Early Years (18 months – 5 years)
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An education beginning in private school ensures a solid foundation that can be carried on throughout the rest of a child’s academic career. Preschoolers go through rapid mental and physical growth and are able to easily absorb and retain information, so this period of development is best suited to learn basic reading, writing, math and language skills. Malkin Dare, the president of the Society for Quality Education, even states that students with strong reading skills early on are 95% certain to succeed in later studies. The individual attention found in private school can also lead to advanced discovery of learning problems. Private school can also help children cultivate proper study habits, organizational and social skills, and provide them with exciting outings and extracurricular activities to help them discover the world around them.
Middle Years (Grades 1 – 6)
Author and parenting guru Barbara Coloroso insists that the change from public to private school be made at natural breaks in a child’s education, and the transition from kindergarten to grade school offers an easy opportunity to make the switch. A new private school environment may help re-ignite a disinterest in learning that occurs frequently around Grades 3 or 4. Educational consultant Ruth Ehrlich believes private school would be most advantageous in the middle years because children are beginning to find their own interests, and therefore can have more of a say in what school they would like to attend. Parents also cite social and safety reasons for enrolling their children in private school at this stage. During the beginning of the vulnerable adolescence period, instructors can feature prominently in children’s lives as they begin to look outside the family for role models.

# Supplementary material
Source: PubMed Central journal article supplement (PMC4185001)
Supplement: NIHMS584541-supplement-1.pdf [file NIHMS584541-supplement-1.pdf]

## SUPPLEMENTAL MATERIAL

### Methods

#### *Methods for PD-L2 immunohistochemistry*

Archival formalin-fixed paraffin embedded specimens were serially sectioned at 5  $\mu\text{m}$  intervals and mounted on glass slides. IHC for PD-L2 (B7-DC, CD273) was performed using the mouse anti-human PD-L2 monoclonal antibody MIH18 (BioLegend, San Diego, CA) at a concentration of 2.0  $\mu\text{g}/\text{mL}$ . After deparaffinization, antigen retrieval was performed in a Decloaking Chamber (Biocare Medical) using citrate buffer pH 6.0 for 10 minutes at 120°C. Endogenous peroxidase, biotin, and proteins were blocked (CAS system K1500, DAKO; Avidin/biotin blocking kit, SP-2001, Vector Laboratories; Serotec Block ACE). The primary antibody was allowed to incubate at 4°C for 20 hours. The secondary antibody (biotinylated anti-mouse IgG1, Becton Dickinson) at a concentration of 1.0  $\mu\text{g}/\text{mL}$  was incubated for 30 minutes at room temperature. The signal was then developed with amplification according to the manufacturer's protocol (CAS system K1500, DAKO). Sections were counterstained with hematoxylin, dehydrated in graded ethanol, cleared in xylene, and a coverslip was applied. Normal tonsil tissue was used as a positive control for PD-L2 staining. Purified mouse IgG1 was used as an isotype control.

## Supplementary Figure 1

Late Years (Grades 7 – 12)
Similar to the middle stage of development, the late years of adolescence are ripe with uncertainty and self-consciousness. According to Mary Polychronas, a staff psychologist at Weston School in Montreal, the supportive community of a private school can greatly help students struggling with finding their identity. Grades 7 and 9 also provide convenient entrance points into most private schools. At this point, children can articulate their needs and wants and contribute to the school decision-making process. Private high schools focus strongly on getting their students into the college or university of their choice, and this is also a reason why many parents choose to send their child to private school at a later age. Students can also adequately prepare themselves for the personal and academic challenges of post-secondary education. For graduating students or those going into their final year, private school can be a fulfilling and exciting reward for their academic hard work, and Advanced Placement courses can help students prepare for university with transferable credits.
Read more from the Our Kids Archives, from a psychologists' perspective or from the perspective of an academic.